Here is an interesting interview with a pre-eminent classicist, theorist, philosopher and political theorist, Prof. Martha Nussbaum;
The question of whether we are citizens of the world or citizens of a polis or of a country begins in ancient Hellenistic thought. For when Alexander and later Rome united the known world, the question of being a citizen of the world became a fact, not a theory.
The philosophers began to talk as early as Socrates/Plato/Aristotle of virtue ethics and deontology–the notion that we are united or divided by whether we are good or bad. The schools that followed, particularly the Stoics, seemed to agree. But so did the Cynics and the Skeptics in their turn.
When Christianity syncretised neo-Platonism with Judaism to create the modern Church and the councils, and St. Augustine wrote, they wrote of a “City of God” of which all could be citizens. There were no political boundaries.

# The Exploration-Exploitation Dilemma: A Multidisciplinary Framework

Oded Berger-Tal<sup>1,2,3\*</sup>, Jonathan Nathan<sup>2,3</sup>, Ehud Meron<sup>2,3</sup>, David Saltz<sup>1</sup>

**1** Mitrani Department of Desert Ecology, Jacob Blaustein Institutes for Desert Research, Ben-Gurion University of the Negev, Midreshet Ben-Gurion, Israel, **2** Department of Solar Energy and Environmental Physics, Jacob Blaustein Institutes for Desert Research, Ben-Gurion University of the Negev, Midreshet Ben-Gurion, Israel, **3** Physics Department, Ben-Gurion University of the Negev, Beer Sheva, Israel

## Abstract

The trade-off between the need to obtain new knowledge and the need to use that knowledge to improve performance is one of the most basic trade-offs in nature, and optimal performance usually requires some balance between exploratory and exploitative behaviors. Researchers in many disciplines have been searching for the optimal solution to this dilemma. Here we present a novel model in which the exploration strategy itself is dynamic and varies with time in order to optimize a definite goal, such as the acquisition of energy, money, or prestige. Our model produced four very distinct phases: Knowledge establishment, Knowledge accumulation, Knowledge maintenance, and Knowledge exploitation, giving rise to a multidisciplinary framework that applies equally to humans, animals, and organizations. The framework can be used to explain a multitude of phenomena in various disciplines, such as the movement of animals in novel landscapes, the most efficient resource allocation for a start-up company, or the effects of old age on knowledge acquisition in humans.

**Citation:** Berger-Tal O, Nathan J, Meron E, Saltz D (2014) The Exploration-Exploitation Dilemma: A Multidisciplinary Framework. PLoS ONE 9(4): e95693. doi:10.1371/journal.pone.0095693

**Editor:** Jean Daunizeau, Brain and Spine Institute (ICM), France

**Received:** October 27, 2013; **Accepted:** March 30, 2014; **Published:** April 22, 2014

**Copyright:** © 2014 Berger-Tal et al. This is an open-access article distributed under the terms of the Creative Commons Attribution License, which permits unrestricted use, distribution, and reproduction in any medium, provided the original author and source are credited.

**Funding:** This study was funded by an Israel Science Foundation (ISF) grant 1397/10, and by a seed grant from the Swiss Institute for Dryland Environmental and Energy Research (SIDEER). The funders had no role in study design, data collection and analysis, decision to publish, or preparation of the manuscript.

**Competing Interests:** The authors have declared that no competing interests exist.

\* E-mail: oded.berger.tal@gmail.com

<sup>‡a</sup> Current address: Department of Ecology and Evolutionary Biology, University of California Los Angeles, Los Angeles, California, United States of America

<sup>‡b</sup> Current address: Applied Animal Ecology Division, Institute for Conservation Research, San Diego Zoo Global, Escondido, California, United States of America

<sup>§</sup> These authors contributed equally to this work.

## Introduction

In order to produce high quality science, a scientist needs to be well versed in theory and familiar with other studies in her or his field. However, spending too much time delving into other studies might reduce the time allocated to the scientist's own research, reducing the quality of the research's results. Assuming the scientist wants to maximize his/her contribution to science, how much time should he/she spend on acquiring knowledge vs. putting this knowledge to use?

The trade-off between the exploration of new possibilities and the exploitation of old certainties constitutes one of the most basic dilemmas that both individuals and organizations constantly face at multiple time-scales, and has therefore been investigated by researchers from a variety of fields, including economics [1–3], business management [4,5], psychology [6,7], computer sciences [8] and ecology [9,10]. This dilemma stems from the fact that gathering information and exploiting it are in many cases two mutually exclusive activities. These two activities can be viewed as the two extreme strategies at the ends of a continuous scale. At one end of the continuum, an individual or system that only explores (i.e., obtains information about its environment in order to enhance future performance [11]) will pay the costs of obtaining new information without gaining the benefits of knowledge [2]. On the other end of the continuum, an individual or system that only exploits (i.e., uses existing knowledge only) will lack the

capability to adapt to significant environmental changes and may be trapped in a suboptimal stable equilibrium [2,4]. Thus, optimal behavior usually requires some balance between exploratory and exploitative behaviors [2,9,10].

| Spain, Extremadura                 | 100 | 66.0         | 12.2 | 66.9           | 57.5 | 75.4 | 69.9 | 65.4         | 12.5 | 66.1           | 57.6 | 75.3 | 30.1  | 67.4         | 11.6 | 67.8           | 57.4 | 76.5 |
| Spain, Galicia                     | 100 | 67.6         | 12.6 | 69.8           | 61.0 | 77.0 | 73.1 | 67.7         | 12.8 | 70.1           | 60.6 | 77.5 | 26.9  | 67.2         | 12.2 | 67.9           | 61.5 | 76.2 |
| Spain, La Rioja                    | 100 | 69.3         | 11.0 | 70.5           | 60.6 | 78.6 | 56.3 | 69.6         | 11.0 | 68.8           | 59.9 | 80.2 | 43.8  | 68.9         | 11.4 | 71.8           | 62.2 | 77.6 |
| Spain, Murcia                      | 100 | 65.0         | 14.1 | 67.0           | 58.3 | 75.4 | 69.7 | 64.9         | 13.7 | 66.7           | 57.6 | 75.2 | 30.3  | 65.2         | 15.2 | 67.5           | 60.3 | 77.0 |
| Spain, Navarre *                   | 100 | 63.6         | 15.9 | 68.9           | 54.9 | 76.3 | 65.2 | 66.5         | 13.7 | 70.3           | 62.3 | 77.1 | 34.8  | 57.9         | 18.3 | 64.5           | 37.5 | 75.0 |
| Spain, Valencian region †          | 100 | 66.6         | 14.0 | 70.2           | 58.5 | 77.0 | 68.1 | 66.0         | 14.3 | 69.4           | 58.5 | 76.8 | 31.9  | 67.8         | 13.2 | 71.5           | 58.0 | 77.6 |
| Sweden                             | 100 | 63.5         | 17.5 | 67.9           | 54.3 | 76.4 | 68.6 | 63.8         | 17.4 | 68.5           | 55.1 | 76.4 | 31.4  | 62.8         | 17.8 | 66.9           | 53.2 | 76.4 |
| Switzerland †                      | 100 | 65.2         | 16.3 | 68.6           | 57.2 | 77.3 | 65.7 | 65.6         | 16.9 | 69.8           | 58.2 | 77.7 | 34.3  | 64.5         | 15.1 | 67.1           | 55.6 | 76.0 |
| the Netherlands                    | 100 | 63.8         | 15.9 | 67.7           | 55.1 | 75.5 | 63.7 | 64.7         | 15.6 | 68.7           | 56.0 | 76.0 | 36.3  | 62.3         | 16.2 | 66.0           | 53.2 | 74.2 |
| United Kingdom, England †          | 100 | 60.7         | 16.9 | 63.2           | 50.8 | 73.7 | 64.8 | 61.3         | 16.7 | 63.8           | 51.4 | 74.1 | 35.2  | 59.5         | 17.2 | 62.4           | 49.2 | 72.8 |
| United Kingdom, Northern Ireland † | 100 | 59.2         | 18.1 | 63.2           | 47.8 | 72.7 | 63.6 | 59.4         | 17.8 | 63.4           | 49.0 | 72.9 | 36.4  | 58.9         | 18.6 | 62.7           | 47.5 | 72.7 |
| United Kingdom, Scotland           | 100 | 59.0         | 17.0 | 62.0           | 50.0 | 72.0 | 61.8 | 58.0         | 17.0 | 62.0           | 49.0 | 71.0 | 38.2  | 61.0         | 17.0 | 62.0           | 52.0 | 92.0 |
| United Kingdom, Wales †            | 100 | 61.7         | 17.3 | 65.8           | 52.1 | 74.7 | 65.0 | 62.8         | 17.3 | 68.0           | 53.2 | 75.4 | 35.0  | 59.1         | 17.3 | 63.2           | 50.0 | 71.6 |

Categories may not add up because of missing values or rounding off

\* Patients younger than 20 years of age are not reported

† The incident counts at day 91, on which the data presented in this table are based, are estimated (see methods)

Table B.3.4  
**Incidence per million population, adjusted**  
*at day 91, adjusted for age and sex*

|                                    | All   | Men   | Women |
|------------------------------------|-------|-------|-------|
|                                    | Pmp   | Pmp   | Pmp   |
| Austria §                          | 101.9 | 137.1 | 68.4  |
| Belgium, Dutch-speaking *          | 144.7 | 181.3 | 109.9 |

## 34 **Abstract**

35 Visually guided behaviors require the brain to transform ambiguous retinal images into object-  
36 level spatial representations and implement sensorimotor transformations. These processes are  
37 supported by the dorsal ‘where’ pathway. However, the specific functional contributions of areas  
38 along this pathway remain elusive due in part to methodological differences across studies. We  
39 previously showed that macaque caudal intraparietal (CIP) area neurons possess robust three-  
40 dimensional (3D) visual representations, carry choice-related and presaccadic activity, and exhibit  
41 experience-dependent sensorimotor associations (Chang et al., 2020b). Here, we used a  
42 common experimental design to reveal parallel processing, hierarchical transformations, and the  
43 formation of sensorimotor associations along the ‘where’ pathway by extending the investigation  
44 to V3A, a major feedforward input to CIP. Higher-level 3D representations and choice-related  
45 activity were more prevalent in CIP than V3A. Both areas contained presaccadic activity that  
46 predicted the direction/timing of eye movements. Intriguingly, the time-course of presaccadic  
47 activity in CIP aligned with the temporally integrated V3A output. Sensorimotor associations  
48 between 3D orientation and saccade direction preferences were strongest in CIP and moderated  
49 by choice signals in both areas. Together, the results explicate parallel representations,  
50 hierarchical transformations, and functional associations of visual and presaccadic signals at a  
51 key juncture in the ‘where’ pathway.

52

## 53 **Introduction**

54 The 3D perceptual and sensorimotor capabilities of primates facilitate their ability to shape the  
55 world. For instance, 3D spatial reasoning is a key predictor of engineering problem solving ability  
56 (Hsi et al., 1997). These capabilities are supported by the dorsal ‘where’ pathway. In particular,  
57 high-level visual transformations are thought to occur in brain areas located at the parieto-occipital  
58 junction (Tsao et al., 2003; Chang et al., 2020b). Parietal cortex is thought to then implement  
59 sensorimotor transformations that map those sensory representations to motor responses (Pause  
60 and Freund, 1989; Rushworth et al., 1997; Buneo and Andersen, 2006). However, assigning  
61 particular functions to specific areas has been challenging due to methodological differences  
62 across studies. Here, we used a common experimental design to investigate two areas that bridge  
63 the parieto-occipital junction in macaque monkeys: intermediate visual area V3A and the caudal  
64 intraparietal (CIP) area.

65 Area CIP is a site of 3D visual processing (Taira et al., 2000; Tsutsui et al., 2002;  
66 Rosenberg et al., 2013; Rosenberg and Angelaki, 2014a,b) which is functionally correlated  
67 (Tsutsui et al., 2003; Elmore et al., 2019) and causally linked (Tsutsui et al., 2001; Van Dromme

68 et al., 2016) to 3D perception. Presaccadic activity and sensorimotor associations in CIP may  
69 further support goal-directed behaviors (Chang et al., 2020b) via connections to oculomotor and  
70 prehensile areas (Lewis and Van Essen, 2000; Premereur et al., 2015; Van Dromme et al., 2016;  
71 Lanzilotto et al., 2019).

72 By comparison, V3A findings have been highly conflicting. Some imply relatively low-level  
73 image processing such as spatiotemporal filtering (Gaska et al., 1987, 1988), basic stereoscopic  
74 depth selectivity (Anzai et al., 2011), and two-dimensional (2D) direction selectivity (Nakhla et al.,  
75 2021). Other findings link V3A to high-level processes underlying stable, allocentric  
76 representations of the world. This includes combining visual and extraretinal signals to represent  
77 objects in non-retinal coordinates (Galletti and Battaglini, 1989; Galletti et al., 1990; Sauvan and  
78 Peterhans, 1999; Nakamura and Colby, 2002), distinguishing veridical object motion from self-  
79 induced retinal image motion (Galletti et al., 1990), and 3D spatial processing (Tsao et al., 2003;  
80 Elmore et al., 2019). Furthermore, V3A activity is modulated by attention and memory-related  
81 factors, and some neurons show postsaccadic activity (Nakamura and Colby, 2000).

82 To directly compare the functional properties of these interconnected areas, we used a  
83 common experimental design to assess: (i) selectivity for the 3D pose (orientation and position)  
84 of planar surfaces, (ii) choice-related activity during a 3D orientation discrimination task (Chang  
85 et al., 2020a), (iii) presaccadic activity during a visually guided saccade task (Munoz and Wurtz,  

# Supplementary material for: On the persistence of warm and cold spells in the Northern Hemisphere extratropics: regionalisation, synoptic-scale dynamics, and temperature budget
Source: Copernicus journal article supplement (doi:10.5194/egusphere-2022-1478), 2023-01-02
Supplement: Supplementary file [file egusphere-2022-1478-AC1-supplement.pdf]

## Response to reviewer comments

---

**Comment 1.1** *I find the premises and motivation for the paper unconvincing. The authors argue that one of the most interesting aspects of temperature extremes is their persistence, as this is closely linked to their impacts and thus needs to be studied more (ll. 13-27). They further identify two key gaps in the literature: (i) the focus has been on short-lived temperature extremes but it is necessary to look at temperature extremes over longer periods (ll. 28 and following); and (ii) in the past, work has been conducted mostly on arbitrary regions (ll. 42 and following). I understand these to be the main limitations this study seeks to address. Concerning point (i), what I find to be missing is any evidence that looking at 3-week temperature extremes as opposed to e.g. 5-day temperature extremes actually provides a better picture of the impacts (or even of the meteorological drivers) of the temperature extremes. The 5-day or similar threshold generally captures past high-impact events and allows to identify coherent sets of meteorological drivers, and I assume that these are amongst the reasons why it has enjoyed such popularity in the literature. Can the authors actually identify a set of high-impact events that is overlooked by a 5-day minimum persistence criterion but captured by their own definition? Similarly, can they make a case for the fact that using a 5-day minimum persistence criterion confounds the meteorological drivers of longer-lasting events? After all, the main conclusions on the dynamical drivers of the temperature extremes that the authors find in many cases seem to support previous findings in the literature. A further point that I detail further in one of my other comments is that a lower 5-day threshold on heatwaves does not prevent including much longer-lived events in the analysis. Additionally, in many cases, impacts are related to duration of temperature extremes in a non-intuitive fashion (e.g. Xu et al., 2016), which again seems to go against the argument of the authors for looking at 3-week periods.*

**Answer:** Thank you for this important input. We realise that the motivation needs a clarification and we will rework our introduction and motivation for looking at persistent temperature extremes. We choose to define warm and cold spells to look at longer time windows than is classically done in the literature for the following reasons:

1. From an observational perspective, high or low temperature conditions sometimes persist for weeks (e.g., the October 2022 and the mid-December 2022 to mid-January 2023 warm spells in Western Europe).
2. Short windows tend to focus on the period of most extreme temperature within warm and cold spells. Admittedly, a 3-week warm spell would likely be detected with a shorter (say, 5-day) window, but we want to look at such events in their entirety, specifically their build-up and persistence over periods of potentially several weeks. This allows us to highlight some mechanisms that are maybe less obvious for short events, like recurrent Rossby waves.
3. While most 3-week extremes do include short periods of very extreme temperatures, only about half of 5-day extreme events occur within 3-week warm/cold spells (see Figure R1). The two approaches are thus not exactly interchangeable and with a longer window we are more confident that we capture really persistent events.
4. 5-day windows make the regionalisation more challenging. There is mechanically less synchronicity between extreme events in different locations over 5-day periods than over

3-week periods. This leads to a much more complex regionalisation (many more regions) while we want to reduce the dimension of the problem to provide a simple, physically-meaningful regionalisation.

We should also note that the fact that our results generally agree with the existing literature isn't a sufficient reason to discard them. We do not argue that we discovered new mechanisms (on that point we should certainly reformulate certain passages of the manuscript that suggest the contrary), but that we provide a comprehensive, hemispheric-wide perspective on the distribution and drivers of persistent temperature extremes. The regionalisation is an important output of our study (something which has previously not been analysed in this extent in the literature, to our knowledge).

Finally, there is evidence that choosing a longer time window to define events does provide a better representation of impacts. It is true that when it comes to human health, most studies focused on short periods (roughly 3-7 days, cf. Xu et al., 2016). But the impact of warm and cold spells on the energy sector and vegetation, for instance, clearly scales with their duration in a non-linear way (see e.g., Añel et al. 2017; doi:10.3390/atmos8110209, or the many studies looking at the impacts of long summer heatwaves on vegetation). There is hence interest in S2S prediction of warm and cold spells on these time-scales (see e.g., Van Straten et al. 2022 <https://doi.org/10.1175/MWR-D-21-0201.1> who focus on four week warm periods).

Of course, to the West there were the Dark Ages, to the East Cesaro-Papism and the rise of the Caliphs and Sultans, but in both places, one could be a citizen of the City of God but merely being a good Christian. This even after the Byzantine Empire passed, the Christians remained–Rumi Orthodoki–members of the City of God. So it was too in the Holy Roman and AustroHungarian Empires.
Only Britain and France seemed like nations, and they, like Spain, had far flung empires.
As of 2020, we now have hundreds of countries, as well as aspirational countries like Kurdistan and Khalistan, which frankly deserve nationhood.
But the notion that we are citizens of the world-/ by virtue, by duty, by religion–is hard to escape. It has been with us a long time, and for many, every man and woman is my brother and my sister.